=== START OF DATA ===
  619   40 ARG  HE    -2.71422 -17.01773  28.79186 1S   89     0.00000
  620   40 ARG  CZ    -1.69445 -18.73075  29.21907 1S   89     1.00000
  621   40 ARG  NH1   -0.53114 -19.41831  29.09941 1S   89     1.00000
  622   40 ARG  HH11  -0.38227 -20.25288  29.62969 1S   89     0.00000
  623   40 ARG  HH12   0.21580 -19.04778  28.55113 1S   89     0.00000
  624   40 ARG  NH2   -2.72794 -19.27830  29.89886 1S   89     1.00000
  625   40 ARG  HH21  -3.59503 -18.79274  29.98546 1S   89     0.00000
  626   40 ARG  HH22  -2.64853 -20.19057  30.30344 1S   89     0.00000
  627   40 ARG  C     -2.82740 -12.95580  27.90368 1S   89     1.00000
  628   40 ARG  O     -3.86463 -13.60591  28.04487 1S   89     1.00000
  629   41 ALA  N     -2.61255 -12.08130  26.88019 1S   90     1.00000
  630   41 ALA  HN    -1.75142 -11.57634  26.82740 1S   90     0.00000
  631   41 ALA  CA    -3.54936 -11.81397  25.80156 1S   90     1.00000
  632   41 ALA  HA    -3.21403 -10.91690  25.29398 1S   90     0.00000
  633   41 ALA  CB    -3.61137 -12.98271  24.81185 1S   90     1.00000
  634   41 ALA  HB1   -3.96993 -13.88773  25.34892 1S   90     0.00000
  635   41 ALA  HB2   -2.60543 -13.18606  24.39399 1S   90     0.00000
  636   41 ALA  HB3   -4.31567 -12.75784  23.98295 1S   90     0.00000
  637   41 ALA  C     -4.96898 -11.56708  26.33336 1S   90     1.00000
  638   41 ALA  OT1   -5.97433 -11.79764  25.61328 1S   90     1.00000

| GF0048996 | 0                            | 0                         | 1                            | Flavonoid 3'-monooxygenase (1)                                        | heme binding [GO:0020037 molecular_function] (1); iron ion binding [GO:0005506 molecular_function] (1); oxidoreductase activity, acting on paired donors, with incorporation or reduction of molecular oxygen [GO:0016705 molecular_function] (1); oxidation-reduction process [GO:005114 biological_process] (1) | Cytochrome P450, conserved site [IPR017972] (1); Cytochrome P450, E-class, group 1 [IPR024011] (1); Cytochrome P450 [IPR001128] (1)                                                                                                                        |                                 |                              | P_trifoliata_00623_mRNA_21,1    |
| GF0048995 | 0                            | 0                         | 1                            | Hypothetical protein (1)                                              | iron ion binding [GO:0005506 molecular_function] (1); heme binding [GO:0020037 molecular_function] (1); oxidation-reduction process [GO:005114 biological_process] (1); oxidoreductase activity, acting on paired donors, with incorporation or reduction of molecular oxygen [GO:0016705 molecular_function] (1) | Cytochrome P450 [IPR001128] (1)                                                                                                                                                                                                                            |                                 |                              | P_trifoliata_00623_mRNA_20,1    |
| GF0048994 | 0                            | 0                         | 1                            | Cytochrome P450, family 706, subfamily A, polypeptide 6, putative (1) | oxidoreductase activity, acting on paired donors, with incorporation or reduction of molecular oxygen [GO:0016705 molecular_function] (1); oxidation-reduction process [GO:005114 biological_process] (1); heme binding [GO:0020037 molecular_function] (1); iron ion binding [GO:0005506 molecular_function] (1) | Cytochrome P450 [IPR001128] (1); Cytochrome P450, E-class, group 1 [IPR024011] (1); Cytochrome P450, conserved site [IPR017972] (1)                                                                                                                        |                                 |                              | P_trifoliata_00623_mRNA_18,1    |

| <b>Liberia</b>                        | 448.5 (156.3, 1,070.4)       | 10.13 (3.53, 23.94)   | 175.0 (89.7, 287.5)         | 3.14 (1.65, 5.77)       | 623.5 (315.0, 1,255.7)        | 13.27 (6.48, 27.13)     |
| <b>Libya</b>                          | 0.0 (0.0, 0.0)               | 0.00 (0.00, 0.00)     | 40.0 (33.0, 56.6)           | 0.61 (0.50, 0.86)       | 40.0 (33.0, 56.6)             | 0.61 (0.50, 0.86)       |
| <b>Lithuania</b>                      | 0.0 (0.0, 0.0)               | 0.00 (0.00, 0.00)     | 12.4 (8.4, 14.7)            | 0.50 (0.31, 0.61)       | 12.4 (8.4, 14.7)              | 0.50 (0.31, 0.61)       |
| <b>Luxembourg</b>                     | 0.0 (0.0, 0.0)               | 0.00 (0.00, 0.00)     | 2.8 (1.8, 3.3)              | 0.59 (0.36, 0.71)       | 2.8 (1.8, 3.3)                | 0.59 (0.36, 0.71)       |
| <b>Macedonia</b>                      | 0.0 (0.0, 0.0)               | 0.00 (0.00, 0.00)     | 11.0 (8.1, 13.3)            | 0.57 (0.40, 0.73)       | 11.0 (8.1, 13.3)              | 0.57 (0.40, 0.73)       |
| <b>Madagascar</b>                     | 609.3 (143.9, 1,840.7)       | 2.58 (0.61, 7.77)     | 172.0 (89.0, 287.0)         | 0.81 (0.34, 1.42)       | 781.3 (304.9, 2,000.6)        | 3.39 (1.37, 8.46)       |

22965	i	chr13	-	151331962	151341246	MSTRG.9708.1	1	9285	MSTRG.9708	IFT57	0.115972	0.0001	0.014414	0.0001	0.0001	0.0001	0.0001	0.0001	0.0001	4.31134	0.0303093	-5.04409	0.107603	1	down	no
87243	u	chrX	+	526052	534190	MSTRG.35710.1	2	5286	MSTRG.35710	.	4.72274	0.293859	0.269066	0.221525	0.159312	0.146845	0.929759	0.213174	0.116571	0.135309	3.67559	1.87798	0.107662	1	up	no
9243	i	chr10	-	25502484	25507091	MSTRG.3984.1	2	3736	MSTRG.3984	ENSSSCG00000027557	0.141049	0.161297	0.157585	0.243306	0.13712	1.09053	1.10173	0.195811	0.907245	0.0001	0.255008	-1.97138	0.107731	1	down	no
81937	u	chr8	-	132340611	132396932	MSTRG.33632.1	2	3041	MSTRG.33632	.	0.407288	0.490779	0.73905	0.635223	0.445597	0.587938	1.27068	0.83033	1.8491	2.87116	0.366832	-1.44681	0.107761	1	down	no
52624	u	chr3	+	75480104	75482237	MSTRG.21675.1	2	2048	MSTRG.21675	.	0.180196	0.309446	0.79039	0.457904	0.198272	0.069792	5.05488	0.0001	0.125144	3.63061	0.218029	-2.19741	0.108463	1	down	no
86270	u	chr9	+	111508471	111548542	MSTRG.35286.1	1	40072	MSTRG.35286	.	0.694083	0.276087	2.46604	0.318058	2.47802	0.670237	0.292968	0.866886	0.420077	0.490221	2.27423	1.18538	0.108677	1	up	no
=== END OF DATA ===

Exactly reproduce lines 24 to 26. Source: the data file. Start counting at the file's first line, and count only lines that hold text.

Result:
| <b>Liberia</b>                        | 448.5 (156.3, 1,070.4)       | 10.13 (3.53, 23.94)   | 175.0 (89.7, 287.5)         | 3.14 (1.65, 5.77)       | 623.5 (315.0, 1,255.7)        | 13.27 (6.48, 27.13)     |
| <b>Libya</b>                          | 0.0 (0.0, 0.0)               | 0.00 (0.00, 0.00)     | 40.0 (33.0, 56.6)           | 0.61 (0.50, 0.86)       | 40.0 (33.0, 56.6)             | 0.61 (0.50, 0.86)       |
| <b>Lithuania</b>                      | 0.0 (0.0, 0.0)               | 0.00 (0.00, 0.00)     | 12.4 (8.4, 14.7)            | 0.50 (0.31, 0.61)       | 12.4 (8.4, 14.7)              | 0.50 (0.31, 0.61)       |